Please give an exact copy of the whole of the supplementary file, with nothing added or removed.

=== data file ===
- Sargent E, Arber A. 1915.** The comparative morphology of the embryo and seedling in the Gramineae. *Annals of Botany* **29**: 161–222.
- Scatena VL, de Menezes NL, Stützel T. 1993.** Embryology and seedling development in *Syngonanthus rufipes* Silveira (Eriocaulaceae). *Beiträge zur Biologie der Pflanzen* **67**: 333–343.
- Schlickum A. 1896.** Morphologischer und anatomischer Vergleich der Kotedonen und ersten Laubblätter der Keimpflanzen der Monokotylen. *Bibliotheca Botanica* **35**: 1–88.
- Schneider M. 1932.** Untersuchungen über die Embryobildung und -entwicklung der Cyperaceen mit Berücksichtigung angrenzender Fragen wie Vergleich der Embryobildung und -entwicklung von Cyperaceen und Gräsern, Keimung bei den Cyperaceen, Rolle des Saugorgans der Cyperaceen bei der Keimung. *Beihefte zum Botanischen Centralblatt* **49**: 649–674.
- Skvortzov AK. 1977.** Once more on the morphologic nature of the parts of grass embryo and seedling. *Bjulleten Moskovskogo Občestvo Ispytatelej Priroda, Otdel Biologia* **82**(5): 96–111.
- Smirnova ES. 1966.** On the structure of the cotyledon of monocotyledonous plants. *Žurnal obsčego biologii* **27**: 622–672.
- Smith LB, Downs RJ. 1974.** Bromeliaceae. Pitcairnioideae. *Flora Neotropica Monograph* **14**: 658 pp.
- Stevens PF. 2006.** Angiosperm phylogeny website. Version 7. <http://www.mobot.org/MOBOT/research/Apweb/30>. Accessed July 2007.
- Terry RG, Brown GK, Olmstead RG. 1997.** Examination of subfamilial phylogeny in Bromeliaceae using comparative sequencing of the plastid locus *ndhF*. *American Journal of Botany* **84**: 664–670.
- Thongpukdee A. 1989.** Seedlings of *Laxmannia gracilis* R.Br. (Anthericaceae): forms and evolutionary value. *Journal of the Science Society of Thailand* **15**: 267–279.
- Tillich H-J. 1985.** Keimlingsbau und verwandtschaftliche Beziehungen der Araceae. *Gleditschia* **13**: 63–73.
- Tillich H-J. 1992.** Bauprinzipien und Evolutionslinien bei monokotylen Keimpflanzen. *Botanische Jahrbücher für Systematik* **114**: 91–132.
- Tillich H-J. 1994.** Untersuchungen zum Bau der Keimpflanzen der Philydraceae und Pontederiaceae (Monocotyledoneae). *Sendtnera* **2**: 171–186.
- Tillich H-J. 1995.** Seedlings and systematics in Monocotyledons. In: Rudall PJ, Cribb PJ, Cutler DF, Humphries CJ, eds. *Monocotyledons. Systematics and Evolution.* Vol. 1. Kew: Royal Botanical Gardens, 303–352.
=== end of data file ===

- Sargent E, Arber A. 1915.** The comparative morphology of the embryo and seedling in the Gramineae. *Annals of Botany* **29**: 161–222.
- Scatena VL, de Menezes NL, Stützel T. 1993.** Embryology and seedling development in *Syngonanthus rufipes* Silveira (Eriocaulaceae). *Beiträge zur Biologie der Pflanzen* **67**: 333–343.
- Schlickum A. 1896.** Morphologischer und anatomischer Vergleich der Kotedonen und ersten Laubblätter der Keimpflanzen der Monokotylen. *Bibliotheca Botanica* **35**: 1–88.
- Schneider M. 1932.** Untersuchungen über die Embryobildung und -entwicklung der Cyperaceen mit Berücksichtigung angrenzender Fragen wie Vergleich der Embryobildung und -entwicklung von Cyperaceen und Gräsern, Keimung bei den Cyperaceen, Rolle des Saugorgans der Cyperaceen bei der Keimung. *Beihefte zum Botanischen Centralblatt* **49**: 649–674.
- Skvortzov AK. 1977.** Once more on the morphologic nature of the parts of grass embryo and seedling. *Bjulleten Moskovskogo Občestvo Ispytatelej Priroda, Otdel Biologia* **82**(5): 96–111.
- Smirnova ES. 1966.** On the structure of the cotyledon of monocotyledonous plants. *Žurnal obsčego biologii* **27**: 622–672.
- Smith LB, Downs RJ. 1974.** Bromeliaceae. Pitcairnioideae. *Flora Neotropica Monograph* **14**: 658 pp.
- Stevens PF. 2006.** Angiosperm phylogeny website. Version 7. <http://www.mobot.org/MOBOT/research/Apweb/30>. Accessed July 2007.
- Terry RG, Brown GK, Olmstead RG. 1997.** Examination of subfamilial phylogeny in Bromeliaceae using comparative sequencing of the plastid locus *ndhF*. *American Journal of Botany* **84**: 664–670.
- Thongpukdee A. 1989.** Seedlings of *Laxmannia gracilis* R.Br. (Anthericaceae): forms and evolutionary value. *Journal of the Science Society of Thailand* **15**: 267–279.
- Tillich H-J. 1985.** Keimlingsbau und verwandtschaftliche Beziehungen der Araceae. *Gleditschia* **13**: 63–73.
- Tillich H-J. 1992.** Bauprinzipien und Evolutionslinien bei monokotylen Keimpflanzen. *Botanische Jahrbücher für Systematik* **114**: 91–132.
- Tillich H-J. 1994.** Untersuchungen zum Bau der Keimpflanzen der Philydraceae und Pontederiaceae (Monocotyledoneae). *Sendtnera* **2**: 171–186.
- Tillich H-J. 1995.** Seedlings and systematics in Monocotyledons. In: Rudall PJ, Cribb PJ, Cutler DF, Humphries CJ, eds. *Monocotyledons. Systematics and Evolution.* Vol. 1. Kew: Royal Botanical Gardens, 303–352.